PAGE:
The great French composer and theorist Olivier Messiaen (1908-1992) famously spoke of “the charm of impossibilities.” When Messiaen used the phrase, he was usually referring to what he called “modes of limited transposition,” or a distinct set of seven scales which, due to their inbuilt symmetry, can only undergo a limited number of transpositions before folding back into themselves. Each of the modes contains elements with which we’re all familiar—the chromatic pitch-classes of the traditional Western equal-tempered scale—but arranges them in an order that transforms them, transmutates them into something new, something mysterious, something at once extraordinarily simple and yet remarkably complex. Suddenly these pitches we know so well are heard as sounds from another world. They lack the traditionally stabilizing element of a tonic or a key signature, but their adamantine structure makes them stable to the point of immovability.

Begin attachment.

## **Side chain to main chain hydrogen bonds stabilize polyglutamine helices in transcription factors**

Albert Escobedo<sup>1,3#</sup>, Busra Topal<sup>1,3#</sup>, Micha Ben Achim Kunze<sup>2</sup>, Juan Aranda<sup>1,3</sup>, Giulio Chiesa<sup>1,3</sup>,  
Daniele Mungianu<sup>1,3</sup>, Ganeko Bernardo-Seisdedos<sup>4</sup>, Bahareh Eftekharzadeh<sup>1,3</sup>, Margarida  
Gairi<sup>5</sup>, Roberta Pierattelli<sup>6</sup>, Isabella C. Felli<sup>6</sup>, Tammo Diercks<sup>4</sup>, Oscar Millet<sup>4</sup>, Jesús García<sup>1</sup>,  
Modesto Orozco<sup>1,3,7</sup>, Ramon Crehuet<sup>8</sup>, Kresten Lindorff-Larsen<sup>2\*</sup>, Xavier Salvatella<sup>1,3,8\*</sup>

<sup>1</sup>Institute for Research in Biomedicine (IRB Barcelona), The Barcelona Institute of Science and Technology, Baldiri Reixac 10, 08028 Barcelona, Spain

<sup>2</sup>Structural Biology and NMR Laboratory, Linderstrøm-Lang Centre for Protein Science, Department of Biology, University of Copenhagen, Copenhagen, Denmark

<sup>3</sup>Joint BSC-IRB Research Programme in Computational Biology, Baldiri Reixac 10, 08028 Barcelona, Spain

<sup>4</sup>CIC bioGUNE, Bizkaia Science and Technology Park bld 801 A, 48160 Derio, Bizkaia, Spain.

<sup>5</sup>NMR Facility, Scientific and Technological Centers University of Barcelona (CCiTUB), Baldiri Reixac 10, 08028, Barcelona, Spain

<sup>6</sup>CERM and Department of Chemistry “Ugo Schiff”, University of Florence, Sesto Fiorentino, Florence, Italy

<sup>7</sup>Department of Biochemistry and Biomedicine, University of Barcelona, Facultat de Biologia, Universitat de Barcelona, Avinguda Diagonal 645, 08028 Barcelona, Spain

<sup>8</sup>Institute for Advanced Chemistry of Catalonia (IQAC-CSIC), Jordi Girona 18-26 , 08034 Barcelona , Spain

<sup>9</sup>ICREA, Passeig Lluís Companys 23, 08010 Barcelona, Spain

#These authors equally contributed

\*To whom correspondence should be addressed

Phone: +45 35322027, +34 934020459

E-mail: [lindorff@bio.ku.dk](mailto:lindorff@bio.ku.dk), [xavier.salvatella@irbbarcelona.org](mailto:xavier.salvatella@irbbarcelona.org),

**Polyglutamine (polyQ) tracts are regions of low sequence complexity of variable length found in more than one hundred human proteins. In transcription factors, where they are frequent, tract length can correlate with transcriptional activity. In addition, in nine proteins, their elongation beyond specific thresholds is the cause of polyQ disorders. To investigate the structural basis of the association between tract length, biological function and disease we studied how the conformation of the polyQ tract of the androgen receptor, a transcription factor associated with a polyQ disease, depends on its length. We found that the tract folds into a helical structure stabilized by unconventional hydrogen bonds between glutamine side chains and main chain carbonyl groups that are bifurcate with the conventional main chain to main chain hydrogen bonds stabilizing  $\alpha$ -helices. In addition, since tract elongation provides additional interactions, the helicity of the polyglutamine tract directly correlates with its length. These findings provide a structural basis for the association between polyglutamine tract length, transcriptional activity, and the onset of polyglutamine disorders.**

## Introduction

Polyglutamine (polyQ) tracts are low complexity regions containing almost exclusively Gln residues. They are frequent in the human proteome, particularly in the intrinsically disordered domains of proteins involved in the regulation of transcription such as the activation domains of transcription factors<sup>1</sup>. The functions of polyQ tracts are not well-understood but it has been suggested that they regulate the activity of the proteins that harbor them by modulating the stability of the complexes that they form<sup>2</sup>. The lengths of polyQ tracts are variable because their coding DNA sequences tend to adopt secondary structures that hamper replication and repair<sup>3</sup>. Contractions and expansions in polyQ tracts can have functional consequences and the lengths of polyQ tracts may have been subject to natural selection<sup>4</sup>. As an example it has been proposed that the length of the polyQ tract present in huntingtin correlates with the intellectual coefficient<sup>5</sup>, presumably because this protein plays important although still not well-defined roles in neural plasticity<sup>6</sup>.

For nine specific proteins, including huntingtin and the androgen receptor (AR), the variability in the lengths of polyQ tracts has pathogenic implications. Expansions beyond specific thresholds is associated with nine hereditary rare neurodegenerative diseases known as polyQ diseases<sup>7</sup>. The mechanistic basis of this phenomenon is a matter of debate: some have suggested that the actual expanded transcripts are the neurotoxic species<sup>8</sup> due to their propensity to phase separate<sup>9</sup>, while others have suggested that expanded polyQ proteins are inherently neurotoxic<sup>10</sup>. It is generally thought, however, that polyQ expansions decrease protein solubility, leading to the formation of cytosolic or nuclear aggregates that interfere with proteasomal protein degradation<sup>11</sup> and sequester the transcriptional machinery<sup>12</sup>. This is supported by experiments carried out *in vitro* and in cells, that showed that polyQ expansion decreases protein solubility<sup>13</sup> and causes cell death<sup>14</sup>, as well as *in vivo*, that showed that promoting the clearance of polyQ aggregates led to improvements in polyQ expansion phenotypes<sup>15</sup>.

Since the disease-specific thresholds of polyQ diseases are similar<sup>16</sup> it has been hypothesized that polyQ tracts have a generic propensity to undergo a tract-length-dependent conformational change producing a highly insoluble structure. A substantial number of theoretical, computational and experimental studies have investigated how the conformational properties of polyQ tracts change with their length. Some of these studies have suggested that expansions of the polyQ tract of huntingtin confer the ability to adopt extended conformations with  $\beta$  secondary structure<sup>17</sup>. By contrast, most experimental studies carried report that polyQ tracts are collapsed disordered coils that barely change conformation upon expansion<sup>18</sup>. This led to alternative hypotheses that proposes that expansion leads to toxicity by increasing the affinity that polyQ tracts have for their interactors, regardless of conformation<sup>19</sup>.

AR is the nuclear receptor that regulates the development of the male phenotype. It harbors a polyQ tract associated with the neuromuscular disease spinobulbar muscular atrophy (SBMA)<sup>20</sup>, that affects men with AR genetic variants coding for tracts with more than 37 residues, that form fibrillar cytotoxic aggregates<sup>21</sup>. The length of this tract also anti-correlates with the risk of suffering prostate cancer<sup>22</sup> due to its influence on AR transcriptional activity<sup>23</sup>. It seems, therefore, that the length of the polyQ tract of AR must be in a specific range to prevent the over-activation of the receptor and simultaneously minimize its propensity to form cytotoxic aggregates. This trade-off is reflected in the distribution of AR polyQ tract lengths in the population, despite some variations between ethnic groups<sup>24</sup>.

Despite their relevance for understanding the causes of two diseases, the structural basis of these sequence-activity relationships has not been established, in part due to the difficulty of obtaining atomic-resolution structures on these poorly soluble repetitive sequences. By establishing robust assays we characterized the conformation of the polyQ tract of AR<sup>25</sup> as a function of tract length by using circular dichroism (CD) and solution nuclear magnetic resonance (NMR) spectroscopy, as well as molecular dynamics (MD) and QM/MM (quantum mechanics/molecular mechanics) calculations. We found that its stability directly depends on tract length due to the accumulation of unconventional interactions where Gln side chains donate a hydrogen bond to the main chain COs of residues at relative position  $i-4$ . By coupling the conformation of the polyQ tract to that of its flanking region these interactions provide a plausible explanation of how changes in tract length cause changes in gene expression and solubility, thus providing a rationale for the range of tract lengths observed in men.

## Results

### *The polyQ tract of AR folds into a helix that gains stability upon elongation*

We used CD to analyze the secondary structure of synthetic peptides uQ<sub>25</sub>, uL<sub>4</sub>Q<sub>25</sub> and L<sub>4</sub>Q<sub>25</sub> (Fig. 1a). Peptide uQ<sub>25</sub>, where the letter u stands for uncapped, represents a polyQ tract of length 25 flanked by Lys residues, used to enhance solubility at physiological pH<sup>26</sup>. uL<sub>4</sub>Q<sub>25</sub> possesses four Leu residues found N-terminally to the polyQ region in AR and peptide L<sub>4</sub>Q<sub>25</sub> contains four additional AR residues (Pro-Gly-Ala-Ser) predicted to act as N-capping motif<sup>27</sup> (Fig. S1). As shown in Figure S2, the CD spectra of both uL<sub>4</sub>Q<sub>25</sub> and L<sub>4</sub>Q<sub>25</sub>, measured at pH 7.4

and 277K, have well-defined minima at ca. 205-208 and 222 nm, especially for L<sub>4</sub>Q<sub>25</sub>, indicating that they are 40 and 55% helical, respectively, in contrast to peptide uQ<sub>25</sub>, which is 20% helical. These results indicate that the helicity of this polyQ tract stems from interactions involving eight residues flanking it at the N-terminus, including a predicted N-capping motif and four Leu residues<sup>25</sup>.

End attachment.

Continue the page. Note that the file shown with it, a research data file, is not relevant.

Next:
The Hancock Tower (which is really called “Hancock Place,” but I don’t think anyone’s called in that in a couple of decades) is both impossibly beautiful and impossibly impossible. It’s a towering monolith that dwarfs everything in its immediate vicinity, but—if the conditions are just right—it’s virtually invisible. It thrusts up from the earth with verticality and violence, and yet maintains a sense of weightlessness, of floating, of being some figment of a half-remembered dream.
The most charmingly impossible (and impossibly charming) aspects of this building, though, are a little harder to see. A decades-long engineering experiment, the Hancock is a testament to the power of will and intellect in the face of remarkably adverse conditions. In the 35 years since it was finished (and, really, the 43 years since plans were first drawn up), the Tower has been in constant war with the laws of physics, the laws of chemical engineering, and the laws of municipal government.
Here’s a little overview, in something resembling chronological order.
- 1968: The general public reacted with vehemence when the Tower’s location was announced. Its proximity to Henry Hobson Richardson’s beloved Trinity Church was apparently sacrilegious, as it meant the church might occasionally be in the shade.